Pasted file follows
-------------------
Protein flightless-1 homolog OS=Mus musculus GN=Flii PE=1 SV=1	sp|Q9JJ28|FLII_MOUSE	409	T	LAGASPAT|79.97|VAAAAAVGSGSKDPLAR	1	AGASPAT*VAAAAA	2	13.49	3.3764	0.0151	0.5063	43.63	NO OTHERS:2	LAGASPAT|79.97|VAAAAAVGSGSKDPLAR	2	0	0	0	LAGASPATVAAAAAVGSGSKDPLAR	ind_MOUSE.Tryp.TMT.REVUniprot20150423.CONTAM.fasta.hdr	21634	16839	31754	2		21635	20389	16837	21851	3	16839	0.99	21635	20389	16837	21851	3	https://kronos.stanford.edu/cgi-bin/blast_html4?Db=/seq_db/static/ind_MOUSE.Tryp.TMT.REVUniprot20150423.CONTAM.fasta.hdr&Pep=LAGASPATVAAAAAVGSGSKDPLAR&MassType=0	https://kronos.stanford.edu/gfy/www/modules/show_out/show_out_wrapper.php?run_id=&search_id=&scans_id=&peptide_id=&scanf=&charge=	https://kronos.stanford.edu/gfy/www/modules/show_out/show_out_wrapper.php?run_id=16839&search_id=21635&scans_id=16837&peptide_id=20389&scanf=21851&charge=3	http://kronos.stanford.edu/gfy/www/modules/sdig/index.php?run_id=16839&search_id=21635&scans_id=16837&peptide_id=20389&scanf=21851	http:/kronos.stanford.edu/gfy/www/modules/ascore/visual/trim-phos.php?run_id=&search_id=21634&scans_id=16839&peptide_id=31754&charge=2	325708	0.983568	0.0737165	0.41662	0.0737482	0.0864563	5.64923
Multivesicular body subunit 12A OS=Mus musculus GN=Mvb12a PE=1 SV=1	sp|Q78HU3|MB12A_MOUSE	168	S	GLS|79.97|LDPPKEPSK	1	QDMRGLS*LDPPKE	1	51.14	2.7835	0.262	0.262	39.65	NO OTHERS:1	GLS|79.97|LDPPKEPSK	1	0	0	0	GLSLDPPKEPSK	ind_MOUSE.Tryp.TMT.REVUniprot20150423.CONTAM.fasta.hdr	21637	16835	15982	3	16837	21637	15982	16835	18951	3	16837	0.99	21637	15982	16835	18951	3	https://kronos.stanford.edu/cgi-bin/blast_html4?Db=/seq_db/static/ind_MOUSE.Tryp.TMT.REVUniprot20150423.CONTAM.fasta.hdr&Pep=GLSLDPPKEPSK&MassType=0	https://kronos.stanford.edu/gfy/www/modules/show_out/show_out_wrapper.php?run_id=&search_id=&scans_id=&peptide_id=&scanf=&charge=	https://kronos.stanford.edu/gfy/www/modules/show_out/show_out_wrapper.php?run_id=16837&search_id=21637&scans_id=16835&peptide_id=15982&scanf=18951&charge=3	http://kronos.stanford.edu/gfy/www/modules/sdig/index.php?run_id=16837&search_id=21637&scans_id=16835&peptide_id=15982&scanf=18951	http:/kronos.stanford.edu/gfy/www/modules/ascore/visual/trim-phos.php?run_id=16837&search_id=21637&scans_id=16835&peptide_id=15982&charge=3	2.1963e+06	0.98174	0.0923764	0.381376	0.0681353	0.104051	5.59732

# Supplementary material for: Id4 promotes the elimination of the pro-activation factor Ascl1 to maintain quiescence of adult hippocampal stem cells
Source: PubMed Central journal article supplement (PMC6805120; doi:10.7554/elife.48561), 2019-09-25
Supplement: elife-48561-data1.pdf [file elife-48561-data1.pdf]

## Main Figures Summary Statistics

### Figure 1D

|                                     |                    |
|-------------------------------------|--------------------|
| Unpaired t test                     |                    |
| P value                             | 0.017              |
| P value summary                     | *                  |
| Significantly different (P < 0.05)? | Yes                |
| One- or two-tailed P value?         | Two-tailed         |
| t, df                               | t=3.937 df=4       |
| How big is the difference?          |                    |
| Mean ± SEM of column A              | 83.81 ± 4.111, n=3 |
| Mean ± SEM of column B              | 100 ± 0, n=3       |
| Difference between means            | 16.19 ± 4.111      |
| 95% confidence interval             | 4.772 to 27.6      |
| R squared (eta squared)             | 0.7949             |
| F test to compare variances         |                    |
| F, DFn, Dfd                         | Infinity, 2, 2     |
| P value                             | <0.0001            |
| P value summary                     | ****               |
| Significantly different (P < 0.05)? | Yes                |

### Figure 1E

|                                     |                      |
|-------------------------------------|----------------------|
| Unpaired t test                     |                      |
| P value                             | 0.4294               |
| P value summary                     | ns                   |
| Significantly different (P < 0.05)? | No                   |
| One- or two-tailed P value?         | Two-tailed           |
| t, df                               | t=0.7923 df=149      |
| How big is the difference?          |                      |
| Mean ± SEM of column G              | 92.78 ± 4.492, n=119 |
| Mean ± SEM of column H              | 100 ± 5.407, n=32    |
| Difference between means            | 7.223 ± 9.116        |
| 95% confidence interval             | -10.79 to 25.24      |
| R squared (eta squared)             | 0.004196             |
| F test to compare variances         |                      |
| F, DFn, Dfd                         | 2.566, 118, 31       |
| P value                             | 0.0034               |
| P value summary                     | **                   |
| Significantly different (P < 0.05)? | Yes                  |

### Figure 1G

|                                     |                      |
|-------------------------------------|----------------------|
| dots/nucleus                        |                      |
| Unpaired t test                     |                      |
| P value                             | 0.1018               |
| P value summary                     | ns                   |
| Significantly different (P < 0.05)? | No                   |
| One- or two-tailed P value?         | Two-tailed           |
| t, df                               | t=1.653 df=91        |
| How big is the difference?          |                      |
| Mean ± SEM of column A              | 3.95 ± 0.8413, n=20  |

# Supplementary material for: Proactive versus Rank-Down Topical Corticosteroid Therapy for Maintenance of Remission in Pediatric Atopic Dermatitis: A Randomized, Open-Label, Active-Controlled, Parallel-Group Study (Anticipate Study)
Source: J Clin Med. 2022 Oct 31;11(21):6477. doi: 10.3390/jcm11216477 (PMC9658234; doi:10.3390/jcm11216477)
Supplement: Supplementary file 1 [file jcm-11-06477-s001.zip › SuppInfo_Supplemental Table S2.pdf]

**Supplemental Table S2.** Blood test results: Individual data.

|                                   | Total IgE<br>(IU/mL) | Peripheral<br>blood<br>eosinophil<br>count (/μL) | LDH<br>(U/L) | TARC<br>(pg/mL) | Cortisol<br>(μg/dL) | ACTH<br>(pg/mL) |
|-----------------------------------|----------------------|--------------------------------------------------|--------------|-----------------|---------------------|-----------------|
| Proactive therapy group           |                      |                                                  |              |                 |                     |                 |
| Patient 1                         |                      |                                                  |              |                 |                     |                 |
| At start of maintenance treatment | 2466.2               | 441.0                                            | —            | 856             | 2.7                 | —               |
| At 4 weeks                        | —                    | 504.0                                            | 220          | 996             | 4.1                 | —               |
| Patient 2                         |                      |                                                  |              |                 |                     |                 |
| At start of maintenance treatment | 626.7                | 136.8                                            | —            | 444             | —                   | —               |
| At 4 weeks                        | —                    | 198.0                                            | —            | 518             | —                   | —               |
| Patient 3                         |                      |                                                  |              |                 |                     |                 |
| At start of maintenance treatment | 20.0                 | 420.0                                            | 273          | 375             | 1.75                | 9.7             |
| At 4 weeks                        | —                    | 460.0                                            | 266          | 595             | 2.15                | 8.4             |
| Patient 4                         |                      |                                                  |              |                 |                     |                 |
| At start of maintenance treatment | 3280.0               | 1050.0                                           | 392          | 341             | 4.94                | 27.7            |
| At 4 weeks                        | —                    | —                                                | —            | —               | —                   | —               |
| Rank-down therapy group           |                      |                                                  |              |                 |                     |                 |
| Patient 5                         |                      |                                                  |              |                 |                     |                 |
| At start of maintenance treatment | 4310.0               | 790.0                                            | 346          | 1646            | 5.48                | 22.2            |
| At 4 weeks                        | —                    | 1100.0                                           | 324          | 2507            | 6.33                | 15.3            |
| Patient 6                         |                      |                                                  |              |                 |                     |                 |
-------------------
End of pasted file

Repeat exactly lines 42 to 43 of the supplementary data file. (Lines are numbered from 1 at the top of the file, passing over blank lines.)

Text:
| F test to compare variances         |                      |
| F, DFn, Dfd                         | 2.566, 118, 31       |